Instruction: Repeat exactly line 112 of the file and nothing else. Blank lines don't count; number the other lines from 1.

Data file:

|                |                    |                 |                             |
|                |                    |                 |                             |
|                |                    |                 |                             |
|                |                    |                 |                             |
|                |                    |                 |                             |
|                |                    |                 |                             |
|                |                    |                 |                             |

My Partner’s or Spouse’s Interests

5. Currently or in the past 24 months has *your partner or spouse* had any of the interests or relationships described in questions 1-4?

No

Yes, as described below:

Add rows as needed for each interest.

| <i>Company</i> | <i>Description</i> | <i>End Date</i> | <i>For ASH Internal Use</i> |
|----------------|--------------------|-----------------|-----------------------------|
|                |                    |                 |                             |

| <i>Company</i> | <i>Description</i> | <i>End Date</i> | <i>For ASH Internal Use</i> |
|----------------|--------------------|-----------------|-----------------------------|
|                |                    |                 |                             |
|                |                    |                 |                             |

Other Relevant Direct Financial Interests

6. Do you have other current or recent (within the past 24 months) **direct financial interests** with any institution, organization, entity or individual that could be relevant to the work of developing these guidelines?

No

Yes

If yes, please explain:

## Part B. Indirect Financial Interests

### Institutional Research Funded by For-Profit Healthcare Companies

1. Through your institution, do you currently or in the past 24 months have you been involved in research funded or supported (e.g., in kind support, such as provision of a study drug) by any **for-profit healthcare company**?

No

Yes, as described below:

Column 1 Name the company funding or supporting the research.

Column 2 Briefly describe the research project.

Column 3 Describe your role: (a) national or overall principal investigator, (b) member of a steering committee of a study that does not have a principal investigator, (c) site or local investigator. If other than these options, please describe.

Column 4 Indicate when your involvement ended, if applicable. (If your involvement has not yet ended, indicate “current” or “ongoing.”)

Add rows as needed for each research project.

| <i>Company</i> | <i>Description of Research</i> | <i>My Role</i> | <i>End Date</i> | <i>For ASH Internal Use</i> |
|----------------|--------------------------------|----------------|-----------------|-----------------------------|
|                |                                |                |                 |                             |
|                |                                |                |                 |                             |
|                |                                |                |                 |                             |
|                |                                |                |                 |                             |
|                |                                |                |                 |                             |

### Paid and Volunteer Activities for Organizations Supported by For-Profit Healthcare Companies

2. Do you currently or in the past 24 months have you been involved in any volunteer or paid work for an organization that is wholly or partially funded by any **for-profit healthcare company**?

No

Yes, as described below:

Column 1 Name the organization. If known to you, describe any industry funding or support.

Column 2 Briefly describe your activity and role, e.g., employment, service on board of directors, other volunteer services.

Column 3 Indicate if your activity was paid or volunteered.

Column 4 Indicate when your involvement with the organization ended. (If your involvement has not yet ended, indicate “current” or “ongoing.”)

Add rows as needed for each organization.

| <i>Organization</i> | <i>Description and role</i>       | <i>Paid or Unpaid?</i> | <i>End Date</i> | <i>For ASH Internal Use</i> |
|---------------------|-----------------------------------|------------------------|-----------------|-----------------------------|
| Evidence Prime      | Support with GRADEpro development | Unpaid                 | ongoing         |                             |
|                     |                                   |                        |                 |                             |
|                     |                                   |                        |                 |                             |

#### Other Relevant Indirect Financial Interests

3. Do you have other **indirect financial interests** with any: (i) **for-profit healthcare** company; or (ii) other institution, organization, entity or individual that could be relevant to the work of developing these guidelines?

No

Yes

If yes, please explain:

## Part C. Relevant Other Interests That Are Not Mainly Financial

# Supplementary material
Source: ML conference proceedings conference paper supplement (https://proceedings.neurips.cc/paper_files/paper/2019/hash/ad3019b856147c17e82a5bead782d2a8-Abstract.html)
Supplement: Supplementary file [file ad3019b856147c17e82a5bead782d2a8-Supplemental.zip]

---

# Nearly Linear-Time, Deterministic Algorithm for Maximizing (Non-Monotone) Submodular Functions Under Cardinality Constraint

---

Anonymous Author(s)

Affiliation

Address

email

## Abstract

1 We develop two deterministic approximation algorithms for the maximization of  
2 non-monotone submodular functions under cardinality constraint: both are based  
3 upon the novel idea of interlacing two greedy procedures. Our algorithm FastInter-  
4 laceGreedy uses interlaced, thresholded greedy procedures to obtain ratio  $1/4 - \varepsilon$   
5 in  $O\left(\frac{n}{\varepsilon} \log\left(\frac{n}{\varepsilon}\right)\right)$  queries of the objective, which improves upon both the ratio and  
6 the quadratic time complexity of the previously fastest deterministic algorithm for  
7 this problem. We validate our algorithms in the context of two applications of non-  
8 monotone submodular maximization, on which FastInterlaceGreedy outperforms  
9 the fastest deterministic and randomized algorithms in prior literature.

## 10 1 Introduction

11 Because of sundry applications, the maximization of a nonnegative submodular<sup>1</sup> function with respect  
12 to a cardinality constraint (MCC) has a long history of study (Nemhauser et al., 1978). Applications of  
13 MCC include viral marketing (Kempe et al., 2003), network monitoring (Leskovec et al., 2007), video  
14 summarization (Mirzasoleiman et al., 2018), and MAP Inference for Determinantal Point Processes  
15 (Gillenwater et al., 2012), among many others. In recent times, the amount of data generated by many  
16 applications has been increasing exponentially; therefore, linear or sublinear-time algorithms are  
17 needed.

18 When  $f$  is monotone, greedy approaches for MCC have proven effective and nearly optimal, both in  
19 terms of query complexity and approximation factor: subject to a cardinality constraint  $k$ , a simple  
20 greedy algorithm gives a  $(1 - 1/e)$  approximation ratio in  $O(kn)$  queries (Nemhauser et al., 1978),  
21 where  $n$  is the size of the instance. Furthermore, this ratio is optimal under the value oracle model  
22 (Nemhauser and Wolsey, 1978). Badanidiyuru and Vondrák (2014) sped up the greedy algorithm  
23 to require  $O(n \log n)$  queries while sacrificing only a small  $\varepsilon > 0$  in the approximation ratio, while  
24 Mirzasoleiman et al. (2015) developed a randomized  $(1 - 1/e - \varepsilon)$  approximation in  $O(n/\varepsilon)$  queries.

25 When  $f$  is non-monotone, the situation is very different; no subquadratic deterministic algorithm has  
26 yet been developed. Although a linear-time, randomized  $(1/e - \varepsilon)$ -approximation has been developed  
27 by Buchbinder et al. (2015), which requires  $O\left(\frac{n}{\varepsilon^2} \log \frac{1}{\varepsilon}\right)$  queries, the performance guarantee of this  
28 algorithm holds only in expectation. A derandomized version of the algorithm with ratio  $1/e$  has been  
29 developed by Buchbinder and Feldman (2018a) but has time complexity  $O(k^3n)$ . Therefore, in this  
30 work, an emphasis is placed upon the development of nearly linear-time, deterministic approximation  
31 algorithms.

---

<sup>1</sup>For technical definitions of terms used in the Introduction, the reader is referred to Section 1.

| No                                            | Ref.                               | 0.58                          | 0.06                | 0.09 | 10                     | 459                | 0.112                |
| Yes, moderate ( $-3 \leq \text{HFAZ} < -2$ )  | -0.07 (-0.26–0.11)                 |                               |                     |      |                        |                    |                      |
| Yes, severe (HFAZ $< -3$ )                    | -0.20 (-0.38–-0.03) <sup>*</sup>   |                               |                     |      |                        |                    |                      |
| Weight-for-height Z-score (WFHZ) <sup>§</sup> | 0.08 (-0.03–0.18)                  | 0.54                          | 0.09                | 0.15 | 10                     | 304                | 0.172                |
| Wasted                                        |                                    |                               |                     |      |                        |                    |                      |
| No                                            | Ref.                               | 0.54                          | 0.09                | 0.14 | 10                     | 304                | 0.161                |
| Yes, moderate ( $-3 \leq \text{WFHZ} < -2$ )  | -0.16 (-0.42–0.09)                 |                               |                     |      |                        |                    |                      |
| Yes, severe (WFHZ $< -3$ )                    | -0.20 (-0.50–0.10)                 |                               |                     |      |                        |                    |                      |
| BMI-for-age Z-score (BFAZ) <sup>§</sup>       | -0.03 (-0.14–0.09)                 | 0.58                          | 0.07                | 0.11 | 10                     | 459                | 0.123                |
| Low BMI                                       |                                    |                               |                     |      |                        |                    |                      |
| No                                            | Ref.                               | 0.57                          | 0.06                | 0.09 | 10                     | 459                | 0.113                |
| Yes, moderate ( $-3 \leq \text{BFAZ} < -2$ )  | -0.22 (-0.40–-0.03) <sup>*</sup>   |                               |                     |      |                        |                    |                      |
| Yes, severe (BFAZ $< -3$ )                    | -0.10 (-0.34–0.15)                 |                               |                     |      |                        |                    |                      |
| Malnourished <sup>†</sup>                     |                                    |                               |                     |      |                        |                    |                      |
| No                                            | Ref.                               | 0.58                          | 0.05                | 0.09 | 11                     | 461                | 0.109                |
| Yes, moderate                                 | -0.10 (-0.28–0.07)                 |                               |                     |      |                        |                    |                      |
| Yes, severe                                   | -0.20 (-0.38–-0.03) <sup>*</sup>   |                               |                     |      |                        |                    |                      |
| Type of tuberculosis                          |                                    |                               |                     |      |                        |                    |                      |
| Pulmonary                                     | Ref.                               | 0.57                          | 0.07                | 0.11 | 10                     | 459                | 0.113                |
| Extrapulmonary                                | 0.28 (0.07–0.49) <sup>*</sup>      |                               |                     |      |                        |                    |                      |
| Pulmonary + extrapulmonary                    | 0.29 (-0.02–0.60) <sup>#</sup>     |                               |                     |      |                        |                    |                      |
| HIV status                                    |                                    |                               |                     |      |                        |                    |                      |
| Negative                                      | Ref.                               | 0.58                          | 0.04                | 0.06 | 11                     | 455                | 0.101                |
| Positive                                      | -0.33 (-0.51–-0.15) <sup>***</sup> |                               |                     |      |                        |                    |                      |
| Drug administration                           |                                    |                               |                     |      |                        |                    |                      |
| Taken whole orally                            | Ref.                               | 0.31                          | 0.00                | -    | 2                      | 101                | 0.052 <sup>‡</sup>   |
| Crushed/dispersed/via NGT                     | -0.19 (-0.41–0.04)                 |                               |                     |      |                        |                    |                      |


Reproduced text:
| Yes, moderate ( $-3 \leq \text{WFHZ} < -2$ )  | -0.16 (-0.42–0.09)                 |                               |                     |      |                        |                    |                      |